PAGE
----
As my business continued to grow, it fed into my workaholic nature and I not only threw more of myself into the business, but it took more away from what I could emotionally give to my relationship. As one could predict, this began to create friction between Marissa and I.
Nevertheless, our relationship continued to move forward, and in October of 2014, we married.
“They” say that your problems don’t go away once you get married and those wise people would be correct. Our problems, no matter how they manifested, would only simmer and explode or be swept under the rug, waiting for a cleaning that never wanted to arrive.
August of 2017 brought the arrival of our son, Sebastian. Marissa’s first child, my second, having Jackson in my first marriage. The year before, Marissa and I had the opportunity to take over another business, a performing arts/dance school where she could let her creativity continue to grow.
But, the addition of a child, plus the demands of a new business proved to be more than she or I could handle, and the stress of that business only compounded the stress we brought into our marriage.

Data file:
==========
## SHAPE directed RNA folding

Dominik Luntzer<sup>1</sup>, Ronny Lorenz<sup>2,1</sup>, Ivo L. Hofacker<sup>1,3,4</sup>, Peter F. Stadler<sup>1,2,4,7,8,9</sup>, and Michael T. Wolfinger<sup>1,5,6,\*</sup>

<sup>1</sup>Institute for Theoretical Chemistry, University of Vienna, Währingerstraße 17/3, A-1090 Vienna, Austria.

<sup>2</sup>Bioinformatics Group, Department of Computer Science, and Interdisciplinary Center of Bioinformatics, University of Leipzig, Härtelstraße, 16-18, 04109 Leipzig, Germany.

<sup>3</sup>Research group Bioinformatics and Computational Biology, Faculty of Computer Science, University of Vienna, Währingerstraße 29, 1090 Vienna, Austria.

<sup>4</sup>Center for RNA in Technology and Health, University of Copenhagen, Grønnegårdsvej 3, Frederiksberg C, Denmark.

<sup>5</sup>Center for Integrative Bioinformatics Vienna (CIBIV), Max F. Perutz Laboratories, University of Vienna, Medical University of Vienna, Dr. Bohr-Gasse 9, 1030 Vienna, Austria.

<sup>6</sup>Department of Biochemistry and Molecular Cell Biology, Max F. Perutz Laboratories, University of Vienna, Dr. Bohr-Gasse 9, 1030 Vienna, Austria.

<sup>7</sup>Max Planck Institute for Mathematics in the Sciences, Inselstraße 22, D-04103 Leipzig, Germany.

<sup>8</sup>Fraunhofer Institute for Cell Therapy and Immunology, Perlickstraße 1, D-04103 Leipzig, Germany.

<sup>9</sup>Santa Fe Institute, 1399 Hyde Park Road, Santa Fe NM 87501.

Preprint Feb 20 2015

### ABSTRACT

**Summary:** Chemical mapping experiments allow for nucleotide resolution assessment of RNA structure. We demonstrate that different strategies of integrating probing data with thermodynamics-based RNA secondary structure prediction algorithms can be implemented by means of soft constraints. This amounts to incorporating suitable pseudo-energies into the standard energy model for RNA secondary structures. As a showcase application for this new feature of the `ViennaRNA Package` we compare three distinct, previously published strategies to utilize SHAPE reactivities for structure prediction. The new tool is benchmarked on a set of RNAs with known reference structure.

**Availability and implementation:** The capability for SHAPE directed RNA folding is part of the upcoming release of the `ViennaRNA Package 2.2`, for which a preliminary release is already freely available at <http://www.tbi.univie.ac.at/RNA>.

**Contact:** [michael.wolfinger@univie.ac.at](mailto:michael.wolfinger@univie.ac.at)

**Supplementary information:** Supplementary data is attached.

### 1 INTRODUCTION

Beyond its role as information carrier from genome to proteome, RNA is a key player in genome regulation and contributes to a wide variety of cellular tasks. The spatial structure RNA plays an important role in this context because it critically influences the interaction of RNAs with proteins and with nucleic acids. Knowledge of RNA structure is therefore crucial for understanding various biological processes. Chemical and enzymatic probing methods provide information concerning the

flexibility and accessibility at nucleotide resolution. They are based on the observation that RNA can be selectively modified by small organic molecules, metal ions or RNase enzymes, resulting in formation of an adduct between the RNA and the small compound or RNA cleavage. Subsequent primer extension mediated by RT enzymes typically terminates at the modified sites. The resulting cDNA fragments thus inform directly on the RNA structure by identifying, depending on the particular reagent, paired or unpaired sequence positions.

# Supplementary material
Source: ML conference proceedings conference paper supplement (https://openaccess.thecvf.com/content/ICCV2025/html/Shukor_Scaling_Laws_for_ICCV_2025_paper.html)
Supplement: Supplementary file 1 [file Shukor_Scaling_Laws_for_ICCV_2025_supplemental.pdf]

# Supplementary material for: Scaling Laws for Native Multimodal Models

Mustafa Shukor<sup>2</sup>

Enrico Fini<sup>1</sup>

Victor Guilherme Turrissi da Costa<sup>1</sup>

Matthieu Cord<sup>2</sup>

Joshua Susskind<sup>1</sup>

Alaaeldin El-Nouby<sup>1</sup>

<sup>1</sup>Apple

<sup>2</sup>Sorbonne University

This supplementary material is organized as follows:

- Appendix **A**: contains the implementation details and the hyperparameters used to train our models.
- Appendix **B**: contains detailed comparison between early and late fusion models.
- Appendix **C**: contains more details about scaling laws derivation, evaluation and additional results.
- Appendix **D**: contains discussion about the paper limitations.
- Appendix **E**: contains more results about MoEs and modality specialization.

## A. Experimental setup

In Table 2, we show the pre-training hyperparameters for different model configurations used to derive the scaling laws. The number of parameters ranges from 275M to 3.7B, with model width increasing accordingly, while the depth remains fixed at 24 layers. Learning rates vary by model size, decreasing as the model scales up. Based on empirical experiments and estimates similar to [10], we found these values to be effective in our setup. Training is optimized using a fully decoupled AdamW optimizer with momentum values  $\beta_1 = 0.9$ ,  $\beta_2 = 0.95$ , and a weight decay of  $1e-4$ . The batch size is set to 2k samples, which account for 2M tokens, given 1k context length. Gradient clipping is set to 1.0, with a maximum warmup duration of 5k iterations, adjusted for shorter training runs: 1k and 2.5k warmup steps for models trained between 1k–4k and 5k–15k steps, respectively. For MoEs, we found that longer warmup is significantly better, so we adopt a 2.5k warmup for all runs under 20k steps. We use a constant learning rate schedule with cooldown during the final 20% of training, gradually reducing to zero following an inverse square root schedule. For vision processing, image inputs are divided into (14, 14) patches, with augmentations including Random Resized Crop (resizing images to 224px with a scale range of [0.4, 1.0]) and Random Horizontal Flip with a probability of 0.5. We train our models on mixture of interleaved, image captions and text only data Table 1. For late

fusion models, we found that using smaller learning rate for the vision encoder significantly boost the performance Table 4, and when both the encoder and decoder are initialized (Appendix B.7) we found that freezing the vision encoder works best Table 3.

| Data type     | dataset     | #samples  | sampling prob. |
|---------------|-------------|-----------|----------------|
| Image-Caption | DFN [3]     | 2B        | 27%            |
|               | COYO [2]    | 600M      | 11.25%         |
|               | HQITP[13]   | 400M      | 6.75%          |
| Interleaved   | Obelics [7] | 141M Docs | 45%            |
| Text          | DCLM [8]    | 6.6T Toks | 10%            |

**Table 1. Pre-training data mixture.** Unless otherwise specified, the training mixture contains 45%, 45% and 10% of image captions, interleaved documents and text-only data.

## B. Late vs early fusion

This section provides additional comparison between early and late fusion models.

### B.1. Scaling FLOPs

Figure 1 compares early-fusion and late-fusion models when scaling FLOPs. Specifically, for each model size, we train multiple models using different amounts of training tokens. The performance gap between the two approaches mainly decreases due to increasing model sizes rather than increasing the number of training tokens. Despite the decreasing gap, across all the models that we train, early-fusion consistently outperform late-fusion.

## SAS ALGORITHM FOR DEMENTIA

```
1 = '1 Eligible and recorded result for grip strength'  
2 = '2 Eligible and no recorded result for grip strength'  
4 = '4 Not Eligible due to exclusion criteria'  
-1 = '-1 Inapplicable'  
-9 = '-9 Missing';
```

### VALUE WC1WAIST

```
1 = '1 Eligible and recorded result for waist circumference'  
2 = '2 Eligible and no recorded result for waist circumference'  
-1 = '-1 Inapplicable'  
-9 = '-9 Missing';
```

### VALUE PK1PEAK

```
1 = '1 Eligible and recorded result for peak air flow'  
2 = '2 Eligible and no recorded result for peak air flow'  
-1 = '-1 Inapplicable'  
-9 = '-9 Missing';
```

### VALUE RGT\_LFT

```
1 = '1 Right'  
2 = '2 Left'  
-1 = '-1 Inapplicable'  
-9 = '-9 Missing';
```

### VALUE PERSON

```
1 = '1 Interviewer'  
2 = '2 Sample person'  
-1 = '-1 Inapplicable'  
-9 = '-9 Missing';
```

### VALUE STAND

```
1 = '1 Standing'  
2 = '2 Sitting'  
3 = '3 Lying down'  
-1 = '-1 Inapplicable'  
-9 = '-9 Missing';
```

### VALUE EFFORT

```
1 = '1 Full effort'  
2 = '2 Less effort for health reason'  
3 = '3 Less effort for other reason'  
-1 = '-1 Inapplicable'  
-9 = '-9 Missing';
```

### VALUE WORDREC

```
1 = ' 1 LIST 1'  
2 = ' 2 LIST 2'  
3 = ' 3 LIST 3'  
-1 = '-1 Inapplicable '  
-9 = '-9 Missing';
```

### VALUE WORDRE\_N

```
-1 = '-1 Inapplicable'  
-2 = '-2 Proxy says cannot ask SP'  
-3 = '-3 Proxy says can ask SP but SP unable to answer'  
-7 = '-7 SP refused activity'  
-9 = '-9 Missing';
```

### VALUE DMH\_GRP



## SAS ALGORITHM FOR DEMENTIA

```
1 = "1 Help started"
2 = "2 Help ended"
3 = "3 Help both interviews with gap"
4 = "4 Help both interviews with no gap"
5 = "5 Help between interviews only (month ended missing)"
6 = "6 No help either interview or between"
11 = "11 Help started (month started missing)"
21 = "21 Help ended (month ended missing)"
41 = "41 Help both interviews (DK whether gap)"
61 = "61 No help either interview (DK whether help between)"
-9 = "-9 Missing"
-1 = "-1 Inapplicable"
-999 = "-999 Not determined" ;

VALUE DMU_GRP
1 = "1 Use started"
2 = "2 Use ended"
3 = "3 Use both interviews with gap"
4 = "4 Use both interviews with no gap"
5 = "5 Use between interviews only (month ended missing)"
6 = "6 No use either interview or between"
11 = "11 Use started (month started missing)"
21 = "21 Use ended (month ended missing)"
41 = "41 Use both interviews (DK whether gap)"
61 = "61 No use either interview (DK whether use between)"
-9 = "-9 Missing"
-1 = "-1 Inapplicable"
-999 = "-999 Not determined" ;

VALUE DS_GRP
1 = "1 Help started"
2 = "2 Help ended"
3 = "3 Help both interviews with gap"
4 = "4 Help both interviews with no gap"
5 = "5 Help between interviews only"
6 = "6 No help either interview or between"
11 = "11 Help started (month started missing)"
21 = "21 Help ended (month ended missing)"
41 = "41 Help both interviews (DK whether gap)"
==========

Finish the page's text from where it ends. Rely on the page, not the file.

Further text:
And so, each of us fiercely stubborn and independent in our own way, began to focus on the things we felt control over: RevFit for me and motherhood for her. Resentments, continued friction and a growing inability to communicate only furthered our problems.
When the dam finally broke, and it did, there was little left for us. We had nearly become strangers in our own home, two people passing like thieves in the night, trying to maintain composure for the sake of our son and not really succeeding at anything.
So, we had to step back, both of us coming to the conclusion that we each needed a therapist to sort through what was happening.
There were times when I think neither of us quite knew how to step forward or even if we could.
Slowly, that tide began to shift. There was no one catalyst. There were so many forces working for and against us that it felt as if we were speaking two different languages trying to work towards the same truth.